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Proposition 8: Revenue Cap on Dialysis Clinics Fails, Supporters to Try Again in 2020

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A hospital room, where in the foreground a large, square machine with a screen and lights and tubes coming out of it connect to a woman sitting beyond it, with white hair and glasses, a pink button-up shirt and blue pants.
About 80,000 Californians receive dialysis treatment every month. (Christopher Furlong/Getty Images)

Updated Tuesday, 11:27 p.m.

California voters on Tuesday rejected a first-of-its-kind ballot measure that would have placed a 15 percent revenue cap on private dialysis clinics in the state.

"Voters voted to protect patients," said Kathy Fairbanks, spokeswoman for the No on 8 campaign.

Placed on the ballot by SEIU United Healthcare Workers West (SEIU-UHWW), the measure would have limited dialysis clinics' revenues to 115 percent of "the sum of all direct patient care services costs and all health care quality improvement costs."


According to the Legislative Analyst's Office, these costs include "non-managerial" staff wages and benefits, staff training and development, drugs and medical supplies, facilities and electronic health information systems. Other costs, such as administrative overhead, would not be counted toward determining the revenue cap.

Any revenues above that 115 percent threshold would need to be returned to whoever paid for the treatment, either the patient or their insurance provider.

“This is only the beginning; we are in this for the long haul," said Emanuel Gonzales, a dialysis patient care technician, in a statement released by the Yes on 8 campaign. "We intend to re-file this initiative for the 2020 ballot in California, and we are preparing to bring it to other states in the 2020 election cycle. We also plan to file a new version of Senate Bill 1156, which would stop a scheme used by the dialysis corporations to boost their profits, but was vetoed by Gov. Jerry Brown. We are working to file that legislation in a number of other states, too."

About 80,000 Californians get dialysis treatments at private clinics each month, according to the Legislative Analyst's Office. Dialysis mimics the role of healthy kidneys, filtering a patient's blood via a machine in a process that lasts several hours and needs to be done three times a week.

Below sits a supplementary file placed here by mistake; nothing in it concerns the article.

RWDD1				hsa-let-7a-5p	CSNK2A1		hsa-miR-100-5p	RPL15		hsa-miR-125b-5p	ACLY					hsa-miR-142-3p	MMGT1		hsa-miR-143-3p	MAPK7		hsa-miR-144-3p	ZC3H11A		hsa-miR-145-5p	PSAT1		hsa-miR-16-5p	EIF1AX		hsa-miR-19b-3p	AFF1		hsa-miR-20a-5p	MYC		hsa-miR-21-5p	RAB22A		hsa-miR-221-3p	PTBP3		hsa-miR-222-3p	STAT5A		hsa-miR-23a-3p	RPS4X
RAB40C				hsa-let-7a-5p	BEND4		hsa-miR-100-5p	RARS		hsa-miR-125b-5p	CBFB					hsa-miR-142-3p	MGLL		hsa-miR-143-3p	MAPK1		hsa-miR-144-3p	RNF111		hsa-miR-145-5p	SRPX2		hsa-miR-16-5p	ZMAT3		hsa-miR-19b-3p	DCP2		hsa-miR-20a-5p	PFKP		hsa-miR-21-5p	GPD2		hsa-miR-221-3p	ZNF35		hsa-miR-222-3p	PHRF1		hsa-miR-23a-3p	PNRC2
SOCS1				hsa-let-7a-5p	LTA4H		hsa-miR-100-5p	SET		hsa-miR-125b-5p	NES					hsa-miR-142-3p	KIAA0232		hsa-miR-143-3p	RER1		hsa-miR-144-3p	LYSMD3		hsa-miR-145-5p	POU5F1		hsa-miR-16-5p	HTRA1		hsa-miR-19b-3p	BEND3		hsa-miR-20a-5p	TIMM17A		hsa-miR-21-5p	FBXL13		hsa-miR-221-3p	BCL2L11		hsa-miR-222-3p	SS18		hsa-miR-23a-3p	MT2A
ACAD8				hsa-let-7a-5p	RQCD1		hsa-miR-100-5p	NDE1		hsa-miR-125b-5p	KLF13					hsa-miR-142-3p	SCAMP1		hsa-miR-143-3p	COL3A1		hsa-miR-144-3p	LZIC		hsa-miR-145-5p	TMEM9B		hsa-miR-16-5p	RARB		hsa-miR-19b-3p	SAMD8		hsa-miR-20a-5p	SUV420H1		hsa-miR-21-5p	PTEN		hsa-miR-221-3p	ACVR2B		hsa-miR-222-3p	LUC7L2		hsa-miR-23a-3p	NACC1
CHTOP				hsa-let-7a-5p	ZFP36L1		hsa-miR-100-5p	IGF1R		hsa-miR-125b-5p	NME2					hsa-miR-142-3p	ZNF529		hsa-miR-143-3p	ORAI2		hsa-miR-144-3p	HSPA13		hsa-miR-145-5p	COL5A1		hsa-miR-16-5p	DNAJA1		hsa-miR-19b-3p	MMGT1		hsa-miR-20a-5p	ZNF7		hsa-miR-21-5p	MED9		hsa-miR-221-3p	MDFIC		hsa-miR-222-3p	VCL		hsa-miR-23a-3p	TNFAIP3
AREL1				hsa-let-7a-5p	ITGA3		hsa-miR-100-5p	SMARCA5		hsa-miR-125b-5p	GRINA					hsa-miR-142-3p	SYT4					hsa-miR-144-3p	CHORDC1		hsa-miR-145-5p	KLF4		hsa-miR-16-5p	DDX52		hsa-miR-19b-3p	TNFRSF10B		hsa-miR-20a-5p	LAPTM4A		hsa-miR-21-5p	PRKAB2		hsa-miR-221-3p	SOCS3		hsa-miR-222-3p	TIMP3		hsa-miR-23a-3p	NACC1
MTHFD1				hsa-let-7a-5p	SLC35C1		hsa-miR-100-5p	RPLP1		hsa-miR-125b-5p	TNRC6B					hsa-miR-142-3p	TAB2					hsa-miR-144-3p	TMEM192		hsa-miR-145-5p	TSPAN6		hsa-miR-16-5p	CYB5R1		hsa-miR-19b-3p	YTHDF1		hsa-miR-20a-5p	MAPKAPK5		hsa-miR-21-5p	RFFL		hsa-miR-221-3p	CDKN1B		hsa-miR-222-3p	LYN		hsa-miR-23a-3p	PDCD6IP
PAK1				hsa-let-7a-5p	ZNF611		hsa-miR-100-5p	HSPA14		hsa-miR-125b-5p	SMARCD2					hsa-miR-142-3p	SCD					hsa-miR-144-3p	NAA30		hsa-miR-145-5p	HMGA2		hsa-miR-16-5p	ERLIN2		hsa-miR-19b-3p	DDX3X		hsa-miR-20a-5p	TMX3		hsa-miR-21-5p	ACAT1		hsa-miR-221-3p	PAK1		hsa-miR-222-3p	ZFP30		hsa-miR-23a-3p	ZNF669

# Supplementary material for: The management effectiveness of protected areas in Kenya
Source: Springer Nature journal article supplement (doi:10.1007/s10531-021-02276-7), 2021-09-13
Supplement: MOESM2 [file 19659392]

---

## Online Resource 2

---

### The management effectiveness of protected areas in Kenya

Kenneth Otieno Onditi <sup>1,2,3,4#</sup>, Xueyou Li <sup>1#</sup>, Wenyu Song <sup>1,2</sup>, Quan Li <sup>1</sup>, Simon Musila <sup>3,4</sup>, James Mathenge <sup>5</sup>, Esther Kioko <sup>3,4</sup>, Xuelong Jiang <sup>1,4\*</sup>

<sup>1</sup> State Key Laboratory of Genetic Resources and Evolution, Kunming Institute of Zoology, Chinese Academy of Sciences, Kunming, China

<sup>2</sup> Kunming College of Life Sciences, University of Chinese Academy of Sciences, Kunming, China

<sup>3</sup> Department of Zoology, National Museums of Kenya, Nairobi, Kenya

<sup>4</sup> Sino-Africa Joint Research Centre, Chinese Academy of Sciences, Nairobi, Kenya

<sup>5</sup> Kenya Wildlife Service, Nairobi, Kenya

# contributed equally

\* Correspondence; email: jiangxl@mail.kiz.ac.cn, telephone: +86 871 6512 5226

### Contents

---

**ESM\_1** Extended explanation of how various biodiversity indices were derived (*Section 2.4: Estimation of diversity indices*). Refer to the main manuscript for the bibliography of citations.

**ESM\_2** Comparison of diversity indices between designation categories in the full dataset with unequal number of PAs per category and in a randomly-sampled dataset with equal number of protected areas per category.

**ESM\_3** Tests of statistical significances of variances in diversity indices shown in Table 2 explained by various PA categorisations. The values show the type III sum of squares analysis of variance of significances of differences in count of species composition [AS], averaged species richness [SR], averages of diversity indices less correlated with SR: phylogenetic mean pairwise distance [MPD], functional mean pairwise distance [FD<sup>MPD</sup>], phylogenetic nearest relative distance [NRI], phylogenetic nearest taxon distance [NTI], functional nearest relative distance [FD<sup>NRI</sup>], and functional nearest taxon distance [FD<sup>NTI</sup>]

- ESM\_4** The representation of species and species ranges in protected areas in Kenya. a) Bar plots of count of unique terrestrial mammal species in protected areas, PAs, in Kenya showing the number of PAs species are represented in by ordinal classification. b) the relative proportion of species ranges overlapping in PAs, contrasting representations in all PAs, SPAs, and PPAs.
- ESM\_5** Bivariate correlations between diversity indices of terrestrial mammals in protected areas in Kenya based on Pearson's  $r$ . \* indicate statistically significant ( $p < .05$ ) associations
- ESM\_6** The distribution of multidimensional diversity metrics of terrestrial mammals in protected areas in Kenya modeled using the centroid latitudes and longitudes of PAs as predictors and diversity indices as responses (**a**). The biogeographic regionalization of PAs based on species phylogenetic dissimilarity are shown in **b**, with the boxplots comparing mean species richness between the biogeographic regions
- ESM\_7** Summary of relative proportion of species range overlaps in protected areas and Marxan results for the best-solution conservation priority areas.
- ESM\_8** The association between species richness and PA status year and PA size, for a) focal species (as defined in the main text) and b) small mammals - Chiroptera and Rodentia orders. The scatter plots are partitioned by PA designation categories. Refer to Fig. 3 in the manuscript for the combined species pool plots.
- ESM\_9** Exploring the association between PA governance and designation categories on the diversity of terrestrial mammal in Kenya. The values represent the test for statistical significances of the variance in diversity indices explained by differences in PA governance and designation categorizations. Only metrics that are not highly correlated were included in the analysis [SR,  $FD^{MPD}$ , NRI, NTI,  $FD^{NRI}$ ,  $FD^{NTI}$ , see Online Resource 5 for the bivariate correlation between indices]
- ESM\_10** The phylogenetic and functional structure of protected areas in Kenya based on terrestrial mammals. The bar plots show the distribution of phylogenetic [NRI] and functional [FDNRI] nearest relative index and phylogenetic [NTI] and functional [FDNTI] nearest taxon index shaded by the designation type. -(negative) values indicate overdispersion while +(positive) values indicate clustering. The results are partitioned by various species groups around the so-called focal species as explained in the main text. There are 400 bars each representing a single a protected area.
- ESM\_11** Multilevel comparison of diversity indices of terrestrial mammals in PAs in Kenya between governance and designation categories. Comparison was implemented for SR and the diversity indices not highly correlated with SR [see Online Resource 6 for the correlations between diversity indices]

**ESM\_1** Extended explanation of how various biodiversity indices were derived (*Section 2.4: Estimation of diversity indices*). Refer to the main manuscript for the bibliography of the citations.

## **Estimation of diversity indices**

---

Both sides of the issue said they were acting in the best interest of dialysis patients.

Proponents, led by SEIU-UHWW, pointed to reports of malfunctioning equipment, dirty clinics and lack of staffing that they say are emblematic of an industry looking to cut corners at the expense of patient care.

"This is an industry that has operated under the radar for too long," said Sean Wherley, a spokesman for Yes on 8, in an interview before Election Day.

Wherley pointed to the fact the DaVita and Fresenius Medical Care, the two large corporations that operate 72 percent of the dialysis clinics in the state, pulled in nearly $4 billion in profits in 2017. He said Proposition 8 would have pushed dialysis clinics to invest more in patient care by increasing hiring, purchasing new equipment and improving facilities.

The measure didn't explicitly force clinics to make these changes, but increasing costs in these areas covered under the umbrella of "direct patient care services costs and all health care quality improvement costs" would help them avoid having to refund revenues.

Opponents countered that the cap would force them to close clinics, forcing patients to travel farther to receive life-sustaining care. They argued it would especially hit clinics that serve primarily low-income patients covered by Medicare or Medi-Cal.

Dr. Bryan Wong, a nephrologist who serves as the medical director at a Fresenius Medical Care dialysis clinic in Oakland and opposes Proposition 8, compared the situation to the lack of grocery stores in disadvantaged neighborhoods.

"The likes of Safeway and Lucky and Ralphs and Whole Foods, they also make lots of profit. Why would they want to operate in a neighborhood that is unprofitable?" he said in an interview before Election Day.

It's unclear how the impacts of the cap would have played out. This would've been a first-of-its kind regulation by a state government over a private health care industry. There was also uncertainty over which costs would've counted toward the cap, such as staff members who serve both managerial and patient care roles.

Proposition 8 was by far the most expensive of the 11 statewide propositions this year. Opponents of the proposition spent more than $110 million, blanketing the airwaves with TV ads encouraging voters to reject the measure. The overwhelmingly majority of that spending—more than $100 million—came from DaVita and Fresenius Medical Care.

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Voter's Edge California is a joint project of MapLight and the League of Women Voters of California Education Fund

That dwarfed the $20 million spent by supporters of the measure, who said the dialysis companies used their deep pockets to control the narrative around the proposition.

"They succeeded in scaring the newspapers that the industry will collapse," Wherley said, referring to the fact that every major newspaper in the state opposed Proposition 8.

Editorial boards across the state pointed to the measure's role as a bargaining chip (SEIU has unsuccessfully tried to unionize dialysis clinic workers), the unforgiving nature of the initiative process and the uncertainty surrounding the impact of the proposition as the reasons for their disapproval.

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